{ oneThing = (<- getOneThing)
    , otherThing = (<- getOtherThing)

We’ve seen several threads recently talking about ‘Boolean blindness’ or ‘Maybe blindness’. If your function has a bunch of arguments all same type (like names) there’s positional blindness: the only way to tell firstName vs lastName or inputFile vs outputFile is one is the first getLine and the first argument to the applicative – oh or did the original programmer think it the other way round? The get is 50 loc before the usage.

IOW explicit names are always necessary and always contribute to understanding the code. And I hope your workplace’s coding standards require long_and_meaningful_names.

(Just mentioning some arguments for the opposite side :wink: )

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I don’t think I agree with this as a blanket statement. Yes, long and meaningful names can help, but they come at a cost, and they require manual diligence to make sure they remain correct. Those are fairly big downsides in practice.

Suppose, for example, we have a map function, and we want to give its arguments descriptive names. Great, so let’s define it as map functionToMapOverList listToBeMappedOver, and it type as map :: (inputElement -> outputElement) -> [inputElement] -> [outputElement].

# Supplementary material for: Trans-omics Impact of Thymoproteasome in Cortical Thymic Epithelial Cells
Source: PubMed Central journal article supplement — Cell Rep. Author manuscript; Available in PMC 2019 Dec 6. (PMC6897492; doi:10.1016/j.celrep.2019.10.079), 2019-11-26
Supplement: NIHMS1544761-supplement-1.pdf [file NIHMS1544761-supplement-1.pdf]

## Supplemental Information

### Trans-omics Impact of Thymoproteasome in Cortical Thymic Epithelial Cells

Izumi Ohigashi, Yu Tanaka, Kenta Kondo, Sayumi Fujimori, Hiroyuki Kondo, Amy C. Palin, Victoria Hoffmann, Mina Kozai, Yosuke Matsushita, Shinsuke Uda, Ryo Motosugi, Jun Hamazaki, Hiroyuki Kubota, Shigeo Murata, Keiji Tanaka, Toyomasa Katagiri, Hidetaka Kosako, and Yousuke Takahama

But now we generalize that function to arbitrary functors (basically, fmap), so our type is now: map :: Functor functorToOperateIn => (inputElement -> outputElement) -> functorToOperateIn inputElement -> functorToOperateIn outputElement - but there is nothing that rings an alarm bell as we compile this, even though our arguments are still named functionToMapOverList and listToBeMappedOver, which is now incorrect, because functorToOperateIn is no longer required to be [], it can be anything, Maybe, IO, Either String, Tree, whatever.

And meanwhile, all the information we have encoded in those argument names and type variables is actually redundant, we’ve already stated it in the type.

We don’t need to name the functor type functorToOperateIn, because it’s already evident from the structure. We don’t need to name the function argument, because it’s already evident from the structure that it is an argument to map, and from its type that it must be a function that maps input values to output values. We don’t need to map the list (or functor value) either, because, again, its role is already evident from its type and position. Due to the nature of Haskell’s syntax, we still have to name those things, because that’s the only way we can refer to them, but given that any descriptive name we could come up with would be redundant, it’s actually better to pick a meaningless name, just meaningful enough to make it easy to remember. And hence: